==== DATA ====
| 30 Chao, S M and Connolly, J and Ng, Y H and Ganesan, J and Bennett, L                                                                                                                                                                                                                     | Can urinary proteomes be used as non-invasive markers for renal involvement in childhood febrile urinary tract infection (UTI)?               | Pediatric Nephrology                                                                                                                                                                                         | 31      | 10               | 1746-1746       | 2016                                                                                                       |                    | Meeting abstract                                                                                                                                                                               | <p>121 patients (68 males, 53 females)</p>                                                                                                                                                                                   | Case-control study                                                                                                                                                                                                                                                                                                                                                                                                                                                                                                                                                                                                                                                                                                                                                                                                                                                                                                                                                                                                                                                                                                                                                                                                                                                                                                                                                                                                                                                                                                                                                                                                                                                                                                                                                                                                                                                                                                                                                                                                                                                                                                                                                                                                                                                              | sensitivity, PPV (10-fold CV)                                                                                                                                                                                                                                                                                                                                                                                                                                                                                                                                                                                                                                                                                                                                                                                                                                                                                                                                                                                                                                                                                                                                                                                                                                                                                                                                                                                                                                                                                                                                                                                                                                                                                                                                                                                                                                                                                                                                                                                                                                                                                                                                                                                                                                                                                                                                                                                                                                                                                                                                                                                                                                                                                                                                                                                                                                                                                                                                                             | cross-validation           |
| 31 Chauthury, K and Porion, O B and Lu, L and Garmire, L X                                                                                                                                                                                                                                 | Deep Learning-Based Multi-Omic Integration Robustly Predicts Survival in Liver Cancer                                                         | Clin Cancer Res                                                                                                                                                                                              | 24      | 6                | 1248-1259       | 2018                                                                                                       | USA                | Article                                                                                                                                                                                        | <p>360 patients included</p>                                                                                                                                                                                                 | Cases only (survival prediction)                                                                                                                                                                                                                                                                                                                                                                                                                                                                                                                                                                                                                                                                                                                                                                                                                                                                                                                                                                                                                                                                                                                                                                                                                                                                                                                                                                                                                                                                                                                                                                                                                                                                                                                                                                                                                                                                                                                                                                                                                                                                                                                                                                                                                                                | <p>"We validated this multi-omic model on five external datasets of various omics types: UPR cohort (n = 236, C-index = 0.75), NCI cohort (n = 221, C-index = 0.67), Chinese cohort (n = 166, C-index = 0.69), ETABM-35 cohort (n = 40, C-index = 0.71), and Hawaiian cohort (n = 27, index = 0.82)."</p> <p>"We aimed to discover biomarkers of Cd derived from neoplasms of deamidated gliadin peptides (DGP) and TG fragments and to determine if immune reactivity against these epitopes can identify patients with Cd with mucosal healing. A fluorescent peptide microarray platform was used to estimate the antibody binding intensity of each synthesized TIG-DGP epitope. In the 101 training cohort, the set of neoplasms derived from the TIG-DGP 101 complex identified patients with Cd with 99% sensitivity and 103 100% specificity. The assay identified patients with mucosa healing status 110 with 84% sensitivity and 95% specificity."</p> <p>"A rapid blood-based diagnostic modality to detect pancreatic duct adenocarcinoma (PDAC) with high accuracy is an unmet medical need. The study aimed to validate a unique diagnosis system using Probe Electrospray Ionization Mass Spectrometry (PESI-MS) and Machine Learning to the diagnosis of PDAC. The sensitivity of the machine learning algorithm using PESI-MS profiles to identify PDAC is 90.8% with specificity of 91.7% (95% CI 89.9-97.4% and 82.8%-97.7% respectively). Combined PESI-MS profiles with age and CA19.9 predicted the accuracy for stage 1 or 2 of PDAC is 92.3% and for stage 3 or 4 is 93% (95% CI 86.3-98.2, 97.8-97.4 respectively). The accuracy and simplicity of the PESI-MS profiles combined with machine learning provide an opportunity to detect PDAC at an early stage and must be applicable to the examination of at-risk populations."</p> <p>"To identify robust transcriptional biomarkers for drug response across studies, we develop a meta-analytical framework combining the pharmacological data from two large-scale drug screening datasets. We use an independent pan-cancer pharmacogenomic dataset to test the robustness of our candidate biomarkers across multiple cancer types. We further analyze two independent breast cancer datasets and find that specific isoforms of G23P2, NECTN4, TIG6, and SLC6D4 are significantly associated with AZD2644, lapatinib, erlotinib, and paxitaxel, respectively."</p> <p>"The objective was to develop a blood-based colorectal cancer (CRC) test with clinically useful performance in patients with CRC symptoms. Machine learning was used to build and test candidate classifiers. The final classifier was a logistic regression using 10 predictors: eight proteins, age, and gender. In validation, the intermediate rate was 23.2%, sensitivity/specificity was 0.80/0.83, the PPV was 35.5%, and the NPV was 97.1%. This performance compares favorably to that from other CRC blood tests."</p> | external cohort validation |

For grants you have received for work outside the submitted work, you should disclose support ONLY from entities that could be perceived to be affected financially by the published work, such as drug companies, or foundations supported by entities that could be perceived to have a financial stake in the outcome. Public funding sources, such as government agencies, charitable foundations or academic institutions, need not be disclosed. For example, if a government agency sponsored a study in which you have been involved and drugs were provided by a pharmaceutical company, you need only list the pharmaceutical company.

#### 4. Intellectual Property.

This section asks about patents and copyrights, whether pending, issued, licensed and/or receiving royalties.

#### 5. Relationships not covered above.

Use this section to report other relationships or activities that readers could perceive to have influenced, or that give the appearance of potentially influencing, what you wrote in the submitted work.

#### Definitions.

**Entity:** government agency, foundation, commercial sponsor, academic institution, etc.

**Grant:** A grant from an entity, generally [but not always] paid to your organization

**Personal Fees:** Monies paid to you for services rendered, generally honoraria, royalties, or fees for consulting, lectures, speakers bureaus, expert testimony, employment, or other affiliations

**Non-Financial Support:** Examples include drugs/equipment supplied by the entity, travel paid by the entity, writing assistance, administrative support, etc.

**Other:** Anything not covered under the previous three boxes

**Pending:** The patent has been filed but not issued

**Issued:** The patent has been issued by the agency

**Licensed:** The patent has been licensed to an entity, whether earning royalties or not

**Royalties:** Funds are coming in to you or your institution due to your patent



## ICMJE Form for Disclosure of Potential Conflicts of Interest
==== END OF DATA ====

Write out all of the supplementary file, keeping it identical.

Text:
| 30 Chao, S M and Connolly, J and Ng, Y H and Ganesan, J and Bennett, L                                                                                                                                                                                                                     | Can urinary proteomes be used as non-invasive markers for renal involvement in childhood febrile urinary tract infection (UTI)?               | Pediatric Nephrology                                                                                                                                                                                         | 31      | 10               | 1746-1746       | 2016                                                                                                       |                    | Meeting abstract                                                                                                                                                                               | <p>121 patients (68 males, 53 females)</p>                                                                                                                                                                                   | Case-control study                                                                                                                                                                                                                                                                                                                                                                                                                                                                                                                                                                                                                                                                                                                                                                                                                                                                                                                                                                                                                                                                                                                                                                                                                                                                                                                                                                                                                                                                                                                                                                                                                                                                                                                                                                                                                                                                                                                                                                                                                                                                                                                                                                                                                                                              | sensitivity, PPV (10-fold CV)                                                                                                                                                                                                                                                                                                                                                                                                                                                                                                                                                                                                                                                                                                                                                                                                                                                                                                                                                                                                                                                                                                                                                                                                                                                                                                                                                                                                                                                                                                                                                                                                                                                                                                                                                                                                                                                                                                                                                                                                                                                                                                                                                                                                                                                                                                                                                                                                                                                                                                                                                                                                                                                                                                                                                                                                                                                                                                                                                             | cross-validation           |
| 31 Chauthury, K and Porion, O B and Lu, L and Garmire, L X                                                                                                                                                                                                                                 | Deep Learning-Based Multi-Omic Integration Robustly Predicts Survival in Liver Cancer                                                         | Clin Cancer Res                                                                                                                                                                                              | 24      | 6                | 1248-1259       | 2018                                                                                                       | USA                | Article                                                                                                                                                                                        | <p>360 patients included</p>                                                                                                                                                                                                 | Cases only (survival prediction)                                                                                                                                                                                                                                                                                                                                                                                                                                                                                                                                                                                                                                                                                                                                                                                                                                                                                                                                                                                                                                                                                                                                                                                                                                                                                                                                                                                                                                                                                                                                                                                                                                                                                                                                                                                                                                                                                                                                                                                                                                                                                                                                                                                                                                                | <p>"We validated this multi-omic model on five external datasets of various omics types: UPR cohort (n = 236, C-index = 0.75), NCI cohort (n = 221, C-index = 0.67), Chinese cohort (n = 166, C-index = 0.69), ETABM-35 cohort (n = 40, C-index = 0.71), and Hawaiian cohort (n = 27, index = 0.82)."</p> <p>"We aimed to discover biomarkers of Cd derived from neoplasms of deamidated gliadin peptides (DGP) and TG fragments and to determine if immune reactivity against these epitopes can identify patients with Cd with mucosal healing. A fluorescent peptide microarray platform was used to estimate the antibody binding intensity of each synthesized TIG-DGP epitope. In the 101 training cohort, the set of neoplasms derived from the TIG-DGP 101 complex identified patients with Cd with 99% sensitivity and 103 100% specificity. The assay identified patients with mucosa healing status 110 with 84% sensitivity and 95% specificity."</p> <p>"A rapid blood-based diagnostic modality to detect pancreatic duct adenocarcinoma (PDAC) with high accuracy is an unmet medical need. The study aimed to validate a unique diagnosis system using Probe Electrospray Ionization Mass Spectrometry (PESI-MS) and Machine Learning to the diagnosis of PDAC. The sensitivity of the machine learning algorithm using PESI-MS profiles to identify PDAC is 90.8% with specificity of 91.7% (95% CI 89.9-97.4% and 82.8%-97.7% respectively). Combined PESI-MS profiles with age and CA19.9 predicted the accuracy for stage 1 or 2 of PDAC is 92.3% and for stage 3 or 4 is 93% (95% CI 86.3-98.2, 97.8-97.4 respectively). The accuracy and simplicity of the PESI-MS profiles combined with machine learning provide an opportunity to detect PDAC at an early stage and must be applicable to the examination of at-risk populations."</p> <p>"To identify robust transcriptional biomarkers for drug response across studies, we develop a meta-analytical framework combining the pharmacological data from two large-scale drug screening datasets. We use an independent pan-cancer pharmacogenomic dataset to test the robustness of our candidate biomarkers across multiple cancer types. We further analyze two independent breast cancer datasets and find that specific isoforms of G23P2, NECTN4, TIG6, and SLC6D4 are significantly associated with AZD2644, lapatinib, erlotinib, and paxitaxel, respectively."</p> <p>"The objective was to develop a blood-based colorectal cancer (CRC) test with clinically useful performance in patients with CRC symptoms. Machine learning was used to build and test candidate classifiers. The final classifier was a logistic regression using 10 predictors: eight proteins, age, and gender. In validation, the intermediate rate was 23.2%, sensitivity/specificity was 0.80/0.83, the PPV was 35.5%, and the NPV was 97.1%. This performance compares favorably to that from other CRC blood tests."</p> | external cohort validation |

For grants you have received for work outside the submitted work, you should disclose support ONLY from entities that could be perceived to be affected financially by the published work, such as drug companies, or foundations supported by entities that could be perceived to have a financial stake in the outcome. Public funding sources, such as government agencies, charitable foundations or academic institutions, need not be disclosed. For example, if a government agency sponsored a study in which you have been involved and drugs were provided by a pharmaceutical company, you need only list the pharmaceutical company.

#### 4. Intellectual Property.

This section asks about patents and copyrights, whether pending, issued, licensed and/or receiving royalties.

#### 5. Relationships not covered above.

Use this section to report other relationships or activities that readers could perceive to have influenced, or that give the appearance of potentially influencing, what you wrote in the submitted work.

#### Definitions.

**Entity:** government agency, foundation, commercial sponsor, academic institution, etc.

**Grant:** A grant from an entity, generally [but not always] paid to your organization

**Personal Fees:** Monies paid to you for services rendered, generally honoraria, royalties, or fees for consulting, lectures, speakers bureaus, expert testimony, employment, or other affiliations

**Non-Financial Support:** Examples include drugs/equipment supplied by the entity, travel paid by the entity, writing assistance, administrative support, etc.

**Other:** Anything not covered under the previous three boxes

**Pending:** The patent has been filed but not issued

**Issued:** The patent has been issued by the agency

**Licensed:** The patent has been licensed to an entity, whether earning royalties or not

**Royalties:** Funds are coming in to you or your institution due to your patent



## ICMJE Form for Disclosure of Potential Conflicts of Interest